DNA analysis is now a common tool of criminal justice and is used in forensics to help identify suspects and in some cases to clear others. This paper will provide the history of DNA analysis, how it is used today, and what the future holds in store for this area as a tool for the field of criminal justice.
DNA (Deoxyribonucleic acid) is a long molecule that carries specific genetic information. DNA is found in the nucleus of every cell in the human body with the exception of red blood cells. Given that DNA is polymorphic, scientists are able to distinguish the DNA of one individual from another, making identification a fairly certain outcome.
Both in civil and criminal cases DNA analysis has become as an important tool to solve cases. In crime scene, evidences like hair, skin, body remains in burnt cases, semen in rape cases etc. will be analysed for DNA matches. In cases such as paternity confirmation also, DNA analysis is being used. This filed of science is Forensic DNA analysis.
Forensic DNA analysis has played a crucial role in the investigation and resolution of thousands of violent crimes since the late 1980s. Currently, short tandem repeats (STRs) are the most widely used markers for forensic DNA testing.
DNA Research is the official journal of Kazusa DNA Research Institute, published by Oxford University Press and supported by funding from Chiba Prefecture, Japan.
DNA analysis, also called DNA typing or DNA profiling, examines DNA found in physical evidence such as blood, hair, and semen, and determines whether it can be matched to DNA taken from specific individuals. DNA analysis has become a common form of evidence in criminal trials.
Forensic scientists use DNA in blood, semen, skin, saliva or hair found at a crime scene to identify a matching DNA of an individual, such as a perpetrator. This process is called genetic fingerprinting, or more accurately, DNA profiling. Other uses include that in bioinformatics and nanotechnology.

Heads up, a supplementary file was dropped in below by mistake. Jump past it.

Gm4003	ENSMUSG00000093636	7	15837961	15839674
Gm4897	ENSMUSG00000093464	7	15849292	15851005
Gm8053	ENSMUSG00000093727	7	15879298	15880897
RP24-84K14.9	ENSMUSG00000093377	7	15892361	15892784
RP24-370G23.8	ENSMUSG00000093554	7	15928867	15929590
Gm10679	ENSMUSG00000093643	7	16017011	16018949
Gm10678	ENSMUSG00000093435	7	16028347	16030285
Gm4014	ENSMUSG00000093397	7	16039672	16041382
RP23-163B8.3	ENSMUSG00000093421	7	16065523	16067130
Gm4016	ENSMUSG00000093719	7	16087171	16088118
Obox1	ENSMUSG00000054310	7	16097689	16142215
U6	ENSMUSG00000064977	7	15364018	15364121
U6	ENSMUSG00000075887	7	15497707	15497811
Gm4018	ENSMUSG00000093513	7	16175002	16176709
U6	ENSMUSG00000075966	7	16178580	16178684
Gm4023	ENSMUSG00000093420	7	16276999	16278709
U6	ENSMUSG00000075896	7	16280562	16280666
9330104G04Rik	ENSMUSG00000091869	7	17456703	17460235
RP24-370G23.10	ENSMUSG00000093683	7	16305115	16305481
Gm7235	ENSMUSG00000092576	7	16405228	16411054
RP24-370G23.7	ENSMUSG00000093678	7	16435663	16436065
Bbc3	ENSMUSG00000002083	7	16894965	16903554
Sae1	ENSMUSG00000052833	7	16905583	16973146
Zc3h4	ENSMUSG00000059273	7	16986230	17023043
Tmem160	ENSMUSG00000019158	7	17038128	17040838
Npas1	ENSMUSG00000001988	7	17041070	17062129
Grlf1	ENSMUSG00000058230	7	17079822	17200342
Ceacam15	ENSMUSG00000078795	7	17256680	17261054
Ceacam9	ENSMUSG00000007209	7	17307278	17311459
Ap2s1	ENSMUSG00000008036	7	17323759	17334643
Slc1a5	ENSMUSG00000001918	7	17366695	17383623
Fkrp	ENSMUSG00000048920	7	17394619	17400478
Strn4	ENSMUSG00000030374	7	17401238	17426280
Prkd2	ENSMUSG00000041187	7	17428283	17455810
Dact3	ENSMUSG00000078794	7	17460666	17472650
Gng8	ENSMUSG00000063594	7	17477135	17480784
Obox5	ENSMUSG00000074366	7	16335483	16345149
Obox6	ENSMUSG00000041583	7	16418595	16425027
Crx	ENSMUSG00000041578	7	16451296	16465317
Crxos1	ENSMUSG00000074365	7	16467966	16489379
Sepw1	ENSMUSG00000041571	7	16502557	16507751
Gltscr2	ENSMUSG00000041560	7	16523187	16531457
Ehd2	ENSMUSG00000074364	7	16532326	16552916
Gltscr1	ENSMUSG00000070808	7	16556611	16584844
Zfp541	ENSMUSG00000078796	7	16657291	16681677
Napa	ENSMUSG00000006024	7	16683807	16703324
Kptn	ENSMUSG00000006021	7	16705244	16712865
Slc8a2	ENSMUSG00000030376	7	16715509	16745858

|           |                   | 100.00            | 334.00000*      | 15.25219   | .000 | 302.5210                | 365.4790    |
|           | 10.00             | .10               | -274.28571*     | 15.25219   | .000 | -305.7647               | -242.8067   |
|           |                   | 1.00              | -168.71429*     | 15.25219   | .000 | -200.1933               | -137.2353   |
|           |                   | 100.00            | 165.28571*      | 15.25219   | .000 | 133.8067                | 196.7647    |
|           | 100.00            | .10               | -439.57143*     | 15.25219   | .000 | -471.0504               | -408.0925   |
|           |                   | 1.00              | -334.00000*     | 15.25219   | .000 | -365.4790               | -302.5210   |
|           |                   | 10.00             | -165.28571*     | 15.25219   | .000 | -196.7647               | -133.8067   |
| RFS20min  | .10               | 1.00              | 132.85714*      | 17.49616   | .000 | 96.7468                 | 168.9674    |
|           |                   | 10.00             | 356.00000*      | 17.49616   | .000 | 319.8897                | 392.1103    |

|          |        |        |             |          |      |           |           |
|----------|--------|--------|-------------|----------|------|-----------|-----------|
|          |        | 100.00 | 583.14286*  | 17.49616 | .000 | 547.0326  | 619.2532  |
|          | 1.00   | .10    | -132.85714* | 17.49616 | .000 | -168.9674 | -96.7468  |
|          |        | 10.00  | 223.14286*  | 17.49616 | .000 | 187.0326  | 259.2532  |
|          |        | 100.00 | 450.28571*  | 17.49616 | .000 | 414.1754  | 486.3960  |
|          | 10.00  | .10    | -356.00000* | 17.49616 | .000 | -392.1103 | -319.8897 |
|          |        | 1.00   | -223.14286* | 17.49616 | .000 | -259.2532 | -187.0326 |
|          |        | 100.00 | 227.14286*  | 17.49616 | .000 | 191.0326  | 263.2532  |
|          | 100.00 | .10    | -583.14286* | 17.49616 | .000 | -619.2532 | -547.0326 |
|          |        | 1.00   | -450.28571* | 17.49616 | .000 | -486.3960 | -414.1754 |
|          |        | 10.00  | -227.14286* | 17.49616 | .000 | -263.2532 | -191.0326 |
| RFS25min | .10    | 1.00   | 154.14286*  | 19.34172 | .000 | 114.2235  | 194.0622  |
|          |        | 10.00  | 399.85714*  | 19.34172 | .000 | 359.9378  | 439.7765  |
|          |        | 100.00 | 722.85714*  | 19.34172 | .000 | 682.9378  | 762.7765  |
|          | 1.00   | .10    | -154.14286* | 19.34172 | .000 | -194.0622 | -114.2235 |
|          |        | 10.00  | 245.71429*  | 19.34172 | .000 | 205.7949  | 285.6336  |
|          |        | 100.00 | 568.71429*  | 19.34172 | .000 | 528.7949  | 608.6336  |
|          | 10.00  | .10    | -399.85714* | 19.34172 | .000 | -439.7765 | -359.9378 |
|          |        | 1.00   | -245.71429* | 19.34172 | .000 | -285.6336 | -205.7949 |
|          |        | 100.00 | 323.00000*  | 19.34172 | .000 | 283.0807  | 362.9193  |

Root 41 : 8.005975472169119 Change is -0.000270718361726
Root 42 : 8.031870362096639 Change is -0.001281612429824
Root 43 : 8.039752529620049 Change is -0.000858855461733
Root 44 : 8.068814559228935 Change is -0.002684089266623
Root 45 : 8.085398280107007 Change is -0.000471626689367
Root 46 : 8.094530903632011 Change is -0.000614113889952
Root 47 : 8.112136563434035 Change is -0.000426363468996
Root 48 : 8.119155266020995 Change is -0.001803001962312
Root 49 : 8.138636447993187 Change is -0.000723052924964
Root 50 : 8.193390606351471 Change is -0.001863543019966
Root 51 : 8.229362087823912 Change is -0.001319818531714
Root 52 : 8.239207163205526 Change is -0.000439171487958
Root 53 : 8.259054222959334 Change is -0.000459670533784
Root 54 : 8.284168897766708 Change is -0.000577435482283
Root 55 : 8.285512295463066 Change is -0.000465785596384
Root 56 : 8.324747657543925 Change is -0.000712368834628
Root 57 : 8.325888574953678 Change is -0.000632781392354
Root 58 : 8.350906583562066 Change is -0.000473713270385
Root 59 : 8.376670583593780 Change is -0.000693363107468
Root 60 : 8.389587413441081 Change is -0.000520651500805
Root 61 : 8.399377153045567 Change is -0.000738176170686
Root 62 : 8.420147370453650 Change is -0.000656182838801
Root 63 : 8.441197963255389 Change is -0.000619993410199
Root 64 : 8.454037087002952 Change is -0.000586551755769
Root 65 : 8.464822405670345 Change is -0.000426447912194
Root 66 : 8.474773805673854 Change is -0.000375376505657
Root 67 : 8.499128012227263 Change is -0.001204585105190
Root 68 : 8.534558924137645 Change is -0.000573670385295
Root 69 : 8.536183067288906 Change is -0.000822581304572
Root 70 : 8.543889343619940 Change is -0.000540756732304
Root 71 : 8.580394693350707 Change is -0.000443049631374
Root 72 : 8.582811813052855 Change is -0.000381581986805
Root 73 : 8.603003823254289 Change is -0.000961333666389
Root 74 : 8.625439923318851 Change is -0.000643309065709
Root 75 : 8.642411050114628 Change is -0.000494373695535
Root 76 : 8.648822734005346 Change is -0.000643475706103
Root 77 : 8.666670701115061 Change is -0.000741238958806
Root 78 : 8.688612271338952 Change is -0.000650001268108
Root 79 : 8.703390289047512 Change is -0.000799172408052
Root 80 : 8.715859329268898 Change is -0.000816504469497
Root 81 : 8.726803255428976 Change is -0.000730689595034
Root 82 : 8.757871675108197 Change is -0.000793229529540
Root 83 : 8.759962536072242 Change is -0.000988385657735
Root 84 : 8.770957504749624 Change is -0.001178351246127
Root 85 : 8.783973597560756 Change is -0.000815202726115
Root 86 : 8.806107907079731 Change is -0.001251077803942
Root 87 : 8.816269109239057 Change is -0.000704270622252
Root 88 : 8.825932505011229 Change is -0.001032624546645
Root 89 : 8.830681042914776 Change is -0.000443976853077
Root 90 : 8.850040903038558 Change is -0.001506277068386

Essay on DNA in the Forensic Science Community 1500 Words6 Pages This paper explores deoxyribonucleic acid (DNA) collection and its relationship to solving crimes. The collection of DNA is one of the most important steps in identifying a suspect in a crime.
LaShay Robbins DNA Technologies FRSC 620.102 Research Paper Legal Aspects of DNA Testing and the Scientific Expert in Court DNA testing like many other tools in forensics to identify suspects has been through various evaluations to uncover its validity.
Chapter 7: The New Genetics—Techniques for DNA Analysis Introduction Before the 1980s, finding the genotype of an individual usually involved various laboratory assays for a gene product—the protein or enzyme. The cases of the ABO and Rhesus blood groups are classic examples of how one infers genotypes from the reaction of gene products with certain chemicals. In the mid 1980s, genetic.
Data Analysis The amplification products for each DNA sample with primers were considered as polymorphic when they were present in some individual and not in others. The prominent DNA bands were scored visually on the basis of their presence (1) or absence (0) for all of the samples studied.
It’s been a long journey from the discovery of DNA and up to the sequence of genes. Therefore, writing a decent research paper on genetics is quite an adventure today. Note that choosing the right topic will reduce the difficulty of writing your research. Also, make sure that the topic has sufficient reliable resources before you start writing.
DNA by Dennis Kelly - this page explains the characters in DNA by Dennis Kelly to help you with your GCSE English Literature revision. This page focusses on Phil, Leah, Cathy, Richard, Mark, Jan, Brian, Danny, Lou, John Tate and Adam.
Forensic Science Research Paper Topics. topicsmill.com - look for the list 14 Top Forensic Science Research Paper Ideas 2020.
Nuclear DNA analysis being an exception, there is no other forensic method that has severely shown the capacity to persistently, with a high degree of assurance, exhibit a connection between a specific individual or source and the evidence. For instance, fingerprint analyses have more available research and conventional protocols than for bite marks analysis. There are also notable variations.View Recombinant DNA Technology Research Papers on Academia.edu for free.In fact, because DNA profiling and analysis did not exist until the 1980's, a reexamination of the evidence which was collected in older investigations often reveals DNA profile of the person that was convicted of a crime does not in any way match the DNA profile that exists from biological samples which were collected from the crime scene. This consequently means that the person is innocent.